After years of wrangling, the city of Karachi is finally scheduled to get what every serious analyst of the city’s problems has always argued it needs the most: local government.
The elections being held today have the potential to be a turning point in the recent history of the city, but of course much depends on the outcome, and how well the framework established by the Sindh Local Government Act of 2013 works. Much also depends on how the members of the provincial assembly view the new set-up and how much cooperation is extended to the nascent democratic institutions about to be created.
The long journey towards a complete democracy will remain unfinished if the experiment begun today is suffocated tomorrow due to rivalries and suspicions. The city of Karachi has long suffered from dismal governance because it is run by the provincial assembly directly, and most of the members there appear to have neither roots nor stakes in the city.
Today, the first step will be taken to rectify this great mismatch in expectations and incentives that has underlain the city’s descent into an ungovernable mess, but much hinges on how things go from here.
The first challenge facing the new institutions about to be born will be in the electoral outcome. These are the first party-based local government elections held under a democratic dispensation, and how various parties emerge from the exercise will be a closely watched event.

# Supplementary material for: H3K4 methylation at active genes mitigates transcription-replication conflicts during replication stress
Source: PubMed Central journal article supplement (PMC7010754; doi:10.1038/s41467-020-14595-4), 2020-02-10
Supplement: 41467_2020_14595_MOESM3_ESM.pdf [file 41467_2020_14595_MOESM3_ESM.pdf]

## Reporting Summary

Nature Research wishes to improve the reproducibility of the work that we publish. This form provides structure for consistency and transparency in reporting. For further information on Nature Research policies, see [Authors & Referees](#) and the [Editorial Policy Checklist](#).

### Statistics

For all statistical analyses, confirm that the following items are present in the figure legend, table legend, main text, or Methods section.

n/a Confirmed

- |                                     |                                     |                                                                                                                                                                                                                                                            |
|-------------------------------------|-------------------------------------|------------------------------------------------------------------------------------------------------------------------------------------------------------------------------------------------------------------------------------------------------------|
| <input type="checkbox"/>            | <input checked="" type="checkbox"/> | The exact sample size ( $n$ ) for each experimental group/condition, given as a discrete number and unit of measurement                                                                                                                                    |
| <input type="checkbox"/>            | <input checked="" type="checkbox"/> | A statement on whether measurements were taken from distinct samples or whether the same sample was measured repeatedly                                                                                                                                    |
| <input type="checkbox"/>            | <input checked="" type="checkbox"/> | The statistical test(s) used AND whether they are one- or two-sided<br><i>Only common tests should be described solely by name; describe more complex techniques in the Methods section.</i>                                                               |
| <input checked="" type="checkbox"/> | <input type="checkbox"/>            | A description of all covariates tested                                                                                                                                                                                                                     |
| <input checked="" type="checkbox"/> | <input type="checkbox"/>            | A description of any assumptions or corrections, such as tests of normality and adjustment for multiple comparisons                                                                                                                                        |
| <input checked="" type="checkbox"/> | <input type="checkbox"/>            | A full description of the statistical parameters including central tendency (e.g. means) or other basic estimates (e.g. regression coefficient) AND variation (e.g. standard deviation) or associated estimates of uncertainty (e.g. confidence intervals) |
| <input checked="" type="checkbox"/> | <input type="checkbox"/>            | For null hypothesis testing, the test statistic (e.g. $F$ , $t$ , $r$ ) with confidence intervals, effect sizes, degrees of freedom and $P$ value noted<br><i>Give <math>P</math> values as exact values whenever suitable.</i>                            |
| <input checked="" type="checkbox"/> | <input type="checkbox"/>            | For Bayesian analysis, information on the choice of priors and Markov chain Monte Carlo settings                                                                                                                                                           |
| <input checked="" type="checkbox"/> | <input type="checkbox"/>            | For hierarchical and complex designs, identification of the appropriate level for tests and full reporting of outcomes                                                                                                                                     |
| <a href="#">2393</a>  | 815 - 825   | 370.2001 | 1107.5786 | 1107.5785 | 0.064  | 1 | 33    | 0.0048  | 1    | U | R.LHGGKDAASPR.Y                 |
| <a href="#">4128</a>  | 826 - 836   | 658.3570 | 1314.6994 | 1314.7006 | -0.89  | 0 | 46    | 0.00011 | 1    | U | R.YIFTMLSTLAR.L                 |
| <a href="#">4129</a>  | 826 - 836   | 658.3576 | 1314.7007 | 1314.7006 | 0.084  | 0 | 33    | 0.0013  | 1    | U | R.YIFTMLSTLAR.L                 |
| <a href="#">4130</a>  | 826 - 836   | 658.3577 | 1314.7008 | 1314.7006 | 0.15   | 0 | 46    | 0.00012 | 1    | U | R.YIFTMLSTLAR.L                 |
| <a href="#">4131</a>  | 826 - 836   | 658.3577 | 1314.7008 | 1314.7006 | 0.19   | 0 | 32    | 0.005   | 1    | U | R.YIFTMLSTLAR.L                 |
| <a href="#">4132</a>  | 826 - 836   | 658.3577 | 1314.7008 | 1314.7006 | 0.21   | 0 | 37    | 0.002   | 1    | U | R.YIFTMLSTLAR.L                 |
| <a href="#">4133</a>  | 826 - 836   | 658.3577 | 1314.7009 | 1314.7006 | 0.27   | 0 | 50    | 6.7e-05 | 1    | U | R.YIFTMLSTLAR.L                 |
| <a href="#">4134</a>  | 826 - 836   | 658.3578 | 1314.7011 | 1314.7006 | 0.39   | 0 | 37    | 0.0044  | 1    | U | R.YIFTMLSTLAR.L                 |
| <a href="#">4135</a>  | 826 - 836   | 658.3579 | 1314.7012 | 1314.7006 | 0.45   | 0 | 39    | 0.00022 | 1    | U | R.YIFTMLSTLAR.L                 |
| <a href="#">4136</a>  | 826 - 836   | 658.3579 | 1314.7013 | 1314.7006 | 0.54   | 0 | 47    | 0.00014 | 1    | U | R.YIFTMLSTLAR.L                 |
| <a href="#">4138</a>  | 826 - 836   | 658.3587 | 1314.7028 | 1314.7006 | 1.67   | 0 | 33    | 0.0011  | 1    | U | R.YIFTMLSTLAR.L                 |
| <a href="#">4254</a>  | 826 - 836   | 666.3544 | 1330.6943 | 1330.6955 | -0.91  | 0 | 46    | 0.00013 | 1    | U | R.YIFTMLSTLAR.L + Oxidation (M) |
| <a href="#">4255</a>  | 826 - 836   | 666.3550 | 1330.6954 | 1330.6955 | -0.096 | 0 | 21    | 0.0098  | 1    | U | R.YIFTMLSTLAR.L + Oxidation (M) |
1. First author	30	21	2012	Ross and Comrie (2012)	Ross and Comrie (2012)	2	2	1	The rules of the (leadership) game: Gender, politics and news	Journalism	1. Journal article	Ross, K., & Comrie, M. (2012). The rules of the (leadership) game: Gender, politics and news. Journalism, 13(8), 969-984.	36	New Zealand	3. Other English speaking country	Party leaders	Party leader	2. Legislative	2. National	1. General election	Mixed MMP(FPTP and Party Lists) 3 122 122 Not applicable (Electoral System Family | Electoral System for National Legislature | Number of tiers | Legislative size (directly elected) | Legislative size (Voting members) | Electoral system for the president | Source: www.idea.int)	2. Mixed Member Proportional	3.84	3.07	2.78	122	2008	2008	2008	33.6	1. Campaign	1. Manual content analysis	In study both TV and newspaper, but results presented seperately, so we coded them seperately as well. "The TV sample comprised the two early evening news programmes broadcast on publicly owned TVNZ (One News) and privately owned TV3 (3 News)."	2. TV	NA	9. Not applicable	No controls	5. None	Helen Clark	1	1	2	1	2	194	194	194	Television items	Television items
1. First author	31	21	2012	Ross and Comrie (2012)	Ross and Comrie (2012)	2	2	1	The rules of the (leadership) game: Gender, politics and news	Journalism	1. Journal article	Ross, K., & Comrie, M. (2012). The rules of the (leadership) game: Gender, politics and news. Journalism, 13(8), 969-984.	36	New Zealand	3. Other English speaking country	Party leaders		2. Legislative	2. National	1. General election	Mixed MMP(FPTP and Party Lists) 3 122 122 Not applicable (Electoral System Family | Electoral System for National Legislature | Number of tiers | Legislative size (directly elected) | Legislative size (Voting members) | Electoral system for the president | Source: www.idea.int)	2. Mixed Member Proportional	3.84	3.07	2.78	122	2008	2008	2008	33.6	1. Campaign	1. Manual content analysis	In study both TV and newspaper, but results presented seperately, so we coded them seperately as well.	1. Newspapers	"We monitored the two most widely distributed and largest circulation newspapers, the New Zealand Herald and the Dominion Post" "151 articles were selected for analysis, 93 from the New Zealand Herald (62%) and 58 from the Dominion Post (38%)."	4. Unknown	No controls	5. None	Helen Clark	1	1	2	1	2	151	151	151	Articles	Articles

The city’s politics has long been dominated by a single fault line. There is the MQM with its secure vote bank, and there is everybody else. The non-MQM vote is considerable, but it is fragmented and has historically been impossible to pull together under a single banner. This is what explains the MQM’s dominance in the city’s electoral outcomes more than anything else. This election will, therefore, be closely watched to see how well the MQM fares in the context of the Karachi operation, which the party claims has targeted its workers disproportionately.
Equally important will be the functioning of the elected officials, and how far the provincial government extends its cooperation by allowing them to operate and by releasing the funds they need to do their work.
The experiment in local government under way in Khyber Pakhtunkhwa has already been marred by allegations of favouritism in the release of funds, and it is worth noting that the SLGA 2013, amended further this year, grants the provincial government extensive powers to intervene in the affairs of the various councils, as well as control the release of funds.
If that power is misused to retain the provincial government’s power over the city, the experiment begun today could well be stillborn. The fact that a local government election is being held today is of far-reaching consequence for the city, but the real test still lies ahead.
Published in Dawn, December 5th, 2015